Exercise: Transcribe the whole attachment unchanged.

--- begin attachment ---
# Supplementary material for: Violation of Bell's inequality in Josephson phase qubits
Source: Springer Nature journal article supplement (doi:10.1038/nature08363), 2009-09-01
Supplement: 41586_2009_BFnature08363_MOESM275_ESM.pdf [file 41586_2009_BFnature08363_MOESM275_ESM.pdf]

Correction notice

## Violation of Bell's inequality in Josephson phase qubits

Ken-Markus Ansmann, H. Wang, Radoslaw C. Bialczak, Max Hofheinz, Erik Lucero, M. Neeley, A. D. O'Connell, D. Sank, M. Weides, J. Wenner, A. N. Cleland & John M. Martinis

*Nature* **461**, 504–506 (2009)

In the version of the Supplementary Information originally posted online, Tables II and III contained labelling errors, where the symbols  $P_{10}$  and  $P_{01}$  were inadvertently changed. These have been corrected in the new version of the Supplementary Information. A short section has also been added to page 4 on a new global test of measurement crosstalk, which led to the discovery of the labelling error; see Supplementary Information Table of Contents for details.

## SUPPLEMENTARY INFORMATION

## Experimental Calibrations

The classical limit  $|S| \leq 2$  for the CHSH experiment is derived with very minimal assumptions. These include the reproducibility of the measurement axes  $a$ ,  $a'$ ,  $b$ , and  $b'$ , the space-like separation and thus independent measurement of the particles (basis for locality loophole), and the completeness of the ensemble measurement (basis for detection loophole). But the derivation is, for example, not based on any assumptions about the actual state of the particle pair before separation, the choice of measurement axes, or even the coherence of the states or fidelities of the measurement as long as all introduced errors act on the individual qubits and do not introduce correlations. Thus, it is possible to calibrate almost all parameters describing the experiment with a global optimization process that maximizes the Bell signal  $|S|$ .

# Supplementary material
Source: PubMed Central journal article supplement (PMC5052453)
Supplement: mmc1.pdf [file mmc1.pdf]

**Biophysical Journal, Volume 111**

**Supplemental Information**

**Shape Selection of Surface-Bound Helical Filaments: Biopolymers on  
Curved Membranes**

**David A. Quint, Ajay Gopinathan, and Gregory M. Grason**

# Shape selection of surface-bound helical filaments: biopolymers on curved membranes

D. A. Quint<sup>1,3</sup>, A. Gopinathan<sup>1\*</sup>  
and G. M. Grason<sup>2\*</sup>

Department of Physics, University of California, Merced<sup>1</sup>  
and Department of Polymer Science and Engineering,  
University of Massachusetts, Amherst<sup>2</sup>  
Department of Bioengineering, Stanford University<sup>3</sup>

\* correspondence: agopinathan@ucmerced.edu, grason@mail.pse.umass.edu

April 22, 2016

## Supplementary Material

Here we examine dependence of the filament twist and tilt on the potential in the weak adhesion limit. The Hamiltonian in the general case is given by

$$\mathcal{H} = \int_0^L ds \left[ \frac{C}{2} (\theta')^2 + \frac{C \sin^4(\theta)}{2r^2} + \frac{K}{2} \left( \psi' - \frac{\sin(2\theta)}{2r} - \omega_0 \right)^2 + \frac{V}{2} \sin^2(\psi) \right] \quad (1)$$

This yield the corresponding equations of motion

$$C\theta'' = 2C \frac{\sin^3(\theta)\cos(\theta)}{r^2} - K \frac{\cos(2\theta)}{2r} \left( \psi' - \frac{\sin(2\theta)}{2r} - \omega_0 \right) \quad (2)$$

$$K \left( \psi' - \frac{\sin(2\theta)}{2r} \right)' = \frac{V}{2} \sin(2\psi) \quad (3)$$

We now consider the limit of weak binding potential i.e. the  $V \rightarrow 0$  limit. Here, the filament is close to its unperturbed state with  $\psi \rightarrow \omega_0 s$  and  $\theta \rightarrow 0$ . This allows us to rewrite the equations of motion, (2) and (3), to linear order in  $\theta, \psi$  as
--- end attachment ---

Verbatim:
# Supplementary material for: Violation of Bell's inequality in Josephson phase qubits
Source: Springer Nature journal article supplement (doi:10.1038/nature08363), 2009-09-01
Supplement: 41586_2009_BFnature08363_MOESM275_ESM.pdf [file 41586_2009_BFnature08363_MOESM275_ESM.pdf]

Correction notice

## Violation of Bell's inequality in Josephson phase qubits

Ken-Markus Ansmann, H. Wang, Radoslaw C. Bialczak, Max Hofheinz, Erik Lucero, M. Neeley, A. D. O'Connell, D. Sank, M. Weides, J. Wenner, A. N. Cleland & John M. Martinis

*Nature* **461**, 504–506 (2009)

In the version of the Supplementary Information originally posted online, Tables II and III contained labelling errors, where the symbols  $P_{10}$  and  $P_{01}$  were inadvertently changed. These have been corrected in the new version of the Supplementary Information. A short section has also been added to page 4 on a new global test of measurement crosstalk, which led to the discovery of the labelling error; see Supplementary Information Table of Contents for details.

## SUPPLEMENTARY INFORMATION

## Experimental Calibrations

The classical limit  $|S| \leq 2$  for the CHSH experiment is derived with very minimal assumptions. These include the reproducibility of the measurement axes  $a$ ,  $a'$ ,  $b$ , and  $b'$ , the space-like separation and thus independent measurement of the particles (basis for locality loophole), and the completeness of the ensemble measurement (basis for detection loophole). But the derivation is, for example, not based on any assumptions about the actual state of the particle pair before separation, the choice of measurement axes, or even the coherence of the states or fidelities of the measurement as long as all introduced errors act on the individual qubits and do not introduce correlations. Thus, it is possible to calibrate almost all parameters describing the experiment with a global optimization process that maximizes the Bell signal  $|S|$ .

# Supplementary material
Source: PubMed Central journal article supplement (PMC5052453)
Supplement: mmc1.pdf [file mmc1.pdf]

**Biophysical Journal, Volume 111**

**Supplemental Information**

**Shape Selection of Surface-Bound Helical Filaments: Biopolymers on  
Curved Membranes**

**David A. Quint, Ajay Gopinathan, and Gregory M. Grason**

# Shape selection of surface-bound helical filaments: biopolymers on curved membranes

D. A. Quint<sup>1,3</sup>, A. Gopinathan<sup>1\*</sup>  
and G. M. Grason<sup>2\*</sup>

Department of Physics, University of California, Merced<sup>1</sup>  
and Department of Polymer Science and Engineering,  
University of Massachusetts, Amherst<sup>2</sup>  
Department of Bioengineering, Stanford University<sup>3</sup>

\* correspondence: agopinathan@ucmerced.edu, grason@mail.pse.umass.edu

April 22, 2016

## Supplementary Material

Here we examine dependence of the filament twist and tilt on the potential in the weak adhesion limit. The Hamiltonian in the general case is given by

$$\mathcal{H} = \int_0^L ds \left[ \frac{C}{2} (\theta')^2 + \frac{C \sin^4(\theta)}{2r^2} + \frac{K}{2} \left( \psi' - \frac{\sin(2\theta)}{2r} - \omega_0 \right)^2 + \frac{V}{2} \sin^2(\psi) \right] \quad (1)$$

This yield the corresponding equations of motion

$$C\theta'' = 2C \frac{\sin^3(\theta)\cos(\theta)}{r^2} - K \frac{\cos(2\theta)}{2r} \left( \psi' - \frac{\sin(2\theta)}{2r} - \omega_0 \right) \quad (2)$$

$$K \left( \psi' - \frac{\sin(2\theta)}{2r} \right)' = \frac{V}{2} \sin(2\psi) \quad (3)$$

We now consider the limit of weak binding potential i.e. the  $V \rightarrow 0$  limit. Here, the filament is close to its unperturbed state with  $\psi \rightarrow \omega_0 s$  and  $\theta \rightarrow 0$ . This allows us to rewrite the equations of motion, (2) and (3), to linear order in  $\theta, \psi$  as